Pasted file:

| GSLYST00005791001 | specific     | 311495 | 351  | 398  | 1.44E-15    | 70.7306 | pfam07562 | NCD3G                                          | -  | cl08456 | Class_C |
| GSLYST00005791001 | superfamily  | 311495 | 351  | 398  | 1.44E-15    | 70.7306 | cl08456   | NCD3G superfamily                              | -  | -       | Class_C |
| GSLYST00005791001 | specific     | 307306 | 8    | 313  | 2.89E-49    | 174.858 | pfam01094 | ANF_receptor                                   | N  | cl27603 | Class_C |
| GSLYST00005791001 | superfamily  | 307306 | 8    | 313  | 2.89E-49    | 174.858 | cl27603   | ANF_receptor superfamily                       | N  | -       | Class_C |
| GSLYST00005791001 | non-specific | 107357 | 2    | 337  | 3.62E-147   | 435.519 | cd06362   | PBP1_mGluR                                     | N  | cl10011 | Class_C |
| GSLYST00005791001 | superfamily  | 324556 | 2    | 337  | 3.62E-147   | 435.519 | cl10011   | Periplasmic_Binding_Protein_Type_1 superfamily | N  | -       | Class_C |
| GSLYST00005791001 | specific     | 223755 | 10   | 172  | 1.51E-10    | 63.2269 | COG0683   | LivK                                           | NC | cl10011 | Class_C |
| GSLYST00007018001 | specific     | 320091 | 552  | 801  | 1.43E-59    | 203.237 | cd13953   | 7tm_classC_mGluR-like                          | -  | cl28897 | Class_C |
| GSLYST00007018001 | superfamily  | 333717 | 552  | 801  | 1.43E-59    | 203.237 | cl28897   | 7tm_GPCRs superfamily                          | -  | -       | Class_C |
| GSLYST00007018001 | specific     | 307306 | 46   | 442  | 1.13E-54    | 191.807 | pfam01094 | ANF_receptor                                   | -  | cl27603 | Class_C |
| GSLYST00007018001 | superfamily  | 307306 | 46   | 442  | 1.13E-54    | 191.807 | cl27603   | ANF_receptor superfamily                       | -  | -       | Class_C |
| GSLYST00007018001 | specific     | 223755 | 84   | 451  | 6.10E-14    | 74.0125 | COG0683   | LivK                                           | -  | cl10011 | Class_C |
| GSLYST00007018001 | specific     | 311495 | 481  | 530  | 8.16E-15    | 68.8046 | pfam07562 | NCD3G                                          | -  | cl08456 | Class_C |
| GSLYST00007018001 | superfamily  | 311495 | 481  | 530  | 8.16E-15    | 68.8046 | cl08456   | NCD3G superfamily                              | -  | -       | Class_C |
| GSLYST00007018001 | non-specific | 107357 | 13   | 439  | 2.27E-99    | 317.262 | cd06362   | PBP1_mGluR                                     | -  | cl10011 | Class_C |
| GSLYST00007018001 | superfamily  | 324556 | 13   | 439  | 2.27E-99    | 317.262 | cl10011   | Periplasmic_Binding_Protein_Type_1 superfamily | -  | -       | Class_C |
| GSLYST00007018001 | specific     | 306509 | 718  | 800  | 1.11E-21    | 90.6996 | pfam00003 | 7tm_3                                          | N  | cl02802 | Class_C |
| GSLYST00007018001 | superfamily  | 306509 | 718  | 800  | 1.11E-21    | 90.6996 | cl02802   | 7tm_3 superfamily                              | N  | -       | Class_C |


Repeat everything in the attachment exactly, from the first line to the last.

| GSLYST00005791001 | specific     | 311495 | 351  | 398  | 1.44E-15    | 70.7306 | pfam07562 | NCD3G                                          | -  | cl08456 | Class_C |
| GSLYST00005791001 | superfamily  | 311495 | 351  | 398  | 1.44E-15    | 70.7306 | cl08456   | NCD3G superfamily                              | -  | -       | Class_C |
| GSLYST00005791001 | specific     | 307306 | 8    | 313  | 2.89E-49    | 174.858 | pfam01094 | ANF_receptor                                   | N  | cl27603 | Class_C |
| GSLYST00005791001 | superfamily  | 307306 | 8    | 313  | 2.89E-49    | 174.858 | cl27603   | ANF_receptor superfamily                       | N  | -       | Class_C |
| GSLYST00005791001 | non-specific | 107357 | 2    | 337  | 3.62E-147   | 435.519 | cd06362   | PBP1_mGluR                                     | N  | cl10011 | Class_C |
| GSLYST00005791001 | superfamily  | 324556 | 2    | 337  | 3.62E-147   | 435.519 | cl10011   | Periplasmic_Binding_Protein_Type_1 superfamily | N  | -       | Class_C |
| GSLYST00005791001 | specific     | 223755 | 10   | 172  | 1.51E-10    | 63.2269 | COG0683   | LivK                                           | NC | cl10011 | Class_C |
| GSLYST00007018001 | specific     | 320091 | 552  | 801  | 1.43E-59    | 203.237 | cd13953   | 7tm_classC_mGluR-like                          | -  | cl28897 | Class_C |
| GSLYST00007018001 | superfamily  | 333717 | 552  | 801  | 1.43E-59    | 203.237 | cl28897   | 7tm_GPCRs superfamily                          | -  | -       | Class_C |
| GSLYST00007018001 | specific     | 307306 | 46   | 442  | 1.13E-54    | 191.807 | pfam01094 | ANF_receptor                                   | -  | cl27603 | Class_C |
| GSLYST00007018001 | superfamily  | 307306 | 46   | 442  | 1.13E-54    | 191.807 | cl27603   | ANF_receptor superfamily                       | -  | -       | Class_C |
| GSLYST00007018001 | specific     | 223755 | 84   | 451  | 6.10E-14    | 74.0125 | COG0683   | LivK                                           | -  | cl10011 | Class_C |
| GSLYST00007018001 | specific     | 311495 | 481  | 530  | 8.16E-15    | 68.8046 | pfam07562 | NCD3G                                          | -  | cl08456 | Class_C |
| GSLYST00007018001 | superfamily  | 311495 | 481  | 530  | 8.16E-15    | 68.8046 | cl08456   | NCD3G superfamily                              | -  | -       | Class_C |
| GSLYST00007018001 | non-specific | 107357 | 13   | 439  | 2.27E-99    | 317.262 | cd06362   | PBP1_mGluR                                     | -  | cl10011 | Class_C |
| GSLYST00007018001 | superfamily  | 324556 | 13   | 439  | 2.27E-99    | 317.262 | cl10011   | Periplasmic_Binding_Protein_Type_1 superfamily | -  | -       | Class_C |
| GSLYST00007018001 | specific     | 306509 | 718  | 800  | 1.11E-21    | 90.6996 | pfam00003 | 7tm_3                                          | N  | cl02802 | Class_C |
| GSLYST00007018001 | superfamily  | 306509 | 718  | 800  | 1.11E-21    | 90.6996 | cl02802   | 7tm_3 superfamily                              | N  | -       | Class_C |